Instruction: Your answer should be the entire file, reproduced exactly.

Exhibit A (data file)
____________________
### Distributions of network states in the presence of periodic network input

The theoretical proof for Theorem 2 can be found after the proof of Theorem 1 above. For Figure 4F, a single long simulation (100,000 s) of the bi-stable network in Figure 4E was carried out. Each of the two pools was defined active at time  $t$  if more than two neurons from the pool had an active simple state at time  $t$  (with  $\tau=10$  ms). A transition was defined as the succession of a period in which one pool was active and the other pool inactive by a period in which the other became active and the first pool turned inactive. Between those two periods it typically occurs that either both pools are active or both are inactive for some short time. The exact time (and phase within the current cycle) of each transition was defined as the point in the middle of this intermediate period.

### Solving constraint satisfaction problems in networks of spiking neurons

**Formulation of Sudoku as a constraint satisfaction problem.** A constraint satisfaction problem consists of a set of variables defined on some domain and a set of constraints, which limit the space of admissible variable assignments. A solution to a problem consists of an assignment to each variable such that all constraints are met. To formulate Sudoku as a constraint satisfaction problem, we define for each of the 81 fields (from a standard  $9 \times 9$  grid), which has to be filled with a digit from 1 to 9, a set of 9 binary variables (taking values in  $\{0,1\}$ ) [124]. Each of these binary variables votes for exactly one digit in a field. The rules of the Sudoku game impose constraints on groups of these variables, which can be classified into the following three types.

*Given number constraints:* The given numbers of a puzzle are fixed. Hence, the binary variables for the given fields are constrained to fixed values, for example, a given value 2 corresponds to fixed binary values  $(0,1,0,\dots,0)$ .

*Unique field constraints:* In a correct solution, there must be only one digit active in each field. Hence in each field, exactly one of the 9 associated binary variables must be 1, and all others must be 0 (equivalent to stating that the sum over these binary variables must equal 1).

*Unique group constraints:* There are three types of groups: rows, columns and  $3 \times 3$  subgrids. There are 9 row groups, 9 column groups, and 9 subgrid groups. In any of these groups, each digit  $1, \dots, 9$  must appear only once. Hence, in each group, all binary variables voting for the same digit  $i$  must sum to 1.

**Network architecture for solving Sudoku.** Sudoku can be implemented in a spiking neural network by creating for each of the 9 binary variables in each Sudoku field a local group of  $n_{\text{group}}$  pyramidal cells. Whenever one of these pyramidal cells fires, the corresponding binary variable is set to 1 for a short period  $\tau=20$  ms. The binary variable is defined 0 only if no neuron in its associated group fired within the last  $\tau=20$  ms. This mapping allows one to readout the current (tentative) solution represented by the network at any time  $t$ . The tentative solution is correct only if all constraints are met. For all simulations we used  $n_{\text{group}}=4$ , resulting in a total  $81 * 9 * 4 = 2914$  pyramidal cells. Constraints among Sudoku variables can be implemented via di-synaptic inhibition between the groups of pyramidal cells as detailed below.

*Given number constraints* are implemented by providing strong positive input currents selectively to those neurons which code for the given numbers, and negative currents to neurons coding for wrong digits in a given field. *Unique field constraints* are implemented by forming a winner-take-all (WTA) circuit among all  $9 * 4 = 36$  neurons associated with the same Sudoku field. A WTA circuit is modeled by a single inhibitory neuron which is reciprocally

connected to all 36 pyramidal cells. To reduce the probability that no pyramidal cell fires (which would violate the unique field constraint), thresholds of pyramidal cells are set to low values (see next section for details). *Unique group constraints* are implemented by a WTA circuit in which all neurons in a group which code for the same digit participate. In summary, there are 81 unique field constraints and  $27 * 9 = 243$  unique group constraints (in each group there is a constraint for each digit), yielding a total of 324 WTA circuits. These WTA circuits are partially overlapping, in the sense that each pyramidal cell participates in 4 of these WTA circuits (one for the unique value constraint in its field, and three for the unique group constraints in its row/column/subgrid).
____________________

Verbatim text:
### Distributions of network states in the presence of periodic network input

The theoretical proof for Theorem 2 can be found after the proof of Theorem 1 above. For Figure 4F, a single long simulation (100,000 s) of the bi-stable network in Figure 4E was carried out. Each of the two pools was defined active at time  $t$  if more than two neurons from the pool had an active simple state at time  $t$  (with  $\tau=10$  ms). A transition was defined as the succession of a period in which one pool was active and the other pool inactive by a period in which the other became active and the first pool turned inactive. Between those two periods it typically occurs that either both pools are active or both are inactive for some short time. The exact time (and phase within the current cycle) of each transition was defined as the point in the middle of this intermediate period.

### Solving constraint satisfaction problems in networks of spiking neurons

**Formulation of Sudoku as a constraint satisfaction problem.** A constraint satisfaction problem consists of a set of variables defined on some domain and a set of constraints, which limit the space of admissible variable assignments. A solution to a problem consists of an assignment to each variable such that all constraints are met. To formulate Sudoku as a constraint satisfaction problem, we define for each of the 81 fields (from a standard  $9 \times 9$  grid), which has to be filled with a digit from 1 to 9, a set of 9 binary variables (taking values in  $\{0,1\}$ ) [124]. Each of these binary variables votes for exactly one digit in a field. The rules of the Sudoku game impose constraints on groups of these variables, which can be classified into the following three types.

*Given number constraints:* The given numbers of a puzzle are fixed. Hence, the binary variables for the given fields are constrained to fixed values, for example, a given value 2 corresponds to fixed binary values  $(0,1,0,\dots,0)$ .

*Unique field constraints:* In a correct solution, there must be only one digit active in each field. Hence in each field, exactly one of the 9 associated binary variables must be 1, and all others must be 0 (equivalent to stating that the sum over these binary variables must equal 1).

*Unique group constraints:* There are three types of groups: rows, columns and  $3 \times 3$  subgrids. There are 9 row groups, 9 column groups, and 9 subgrid groups. In any of these groups, each digit  $1, \dots, 9$  must appear only once. Hence, in each group, all binary variables voting for the same digit  $i$  must sum to 1.

**Network architecture for solving Sudoku.** Sudoku can be implemented in a spiking neural network by creating for each of the 9 binary variables in each Sudoku field a local group of  $n_{\text{group}}$  pyramidal cells. Whenever one of these pyramidal cells fires, the corresponding binary variable is set to 1 for a short period  $\tau=20$  ms. The binary variable is defined 0 only if no neuron in its associated group fired within the last  $\tau=20$  ms. This mapping allows one to readout the current (tentative) solution represented by the network at any time  $t$ . The tentative solution is correct only if all constraints are met. For all simulations we used  $n_{\text{group}}=4$ , resulting in a total  $81 * 9 * 4 = 2914$  pyramidal cells. Constraints among Sudoku variables can be implemented via di-synaptic inhibition between the groups of pyramidal cells as detailed below.

*Given number constraints* are implemented by providing strong positive input currents selectively to those neurons which code for the given numbers, and negative currents to neurons coding for wrong digits in a given field. *Unique field constraints* are implemented by forming a winner-take-all (WTA) circuit among all  $9 * 4 = 36$  neurons associated with the same Sudoku field. A WTA circuit is modeled by a single inhibitory neuron which is reciprocally

connected to all 36 pyramidal cells. To reduce the probability that no pyramidal cell fires (which would violate the unique field constraint), thresholds of pyramidal cells are set to low values (see next section for details). *Unique group constraints* are implemented by a WTA circuit in which all neurons in a group which code for the same digit participate. In summary, there are 81 unique field constraints and  $27 * 9 = 243$  unique group constraints (in each group there is a constraint for each digit), yielding a total of 324 WTA circuits. These WTA circuits are partially overlapping, in the sense that each pyramidal cell participates in 4 of these WTA circuits (one for the unique value constraint in its field, and three for the unique group constraints in its row/column/subgrid).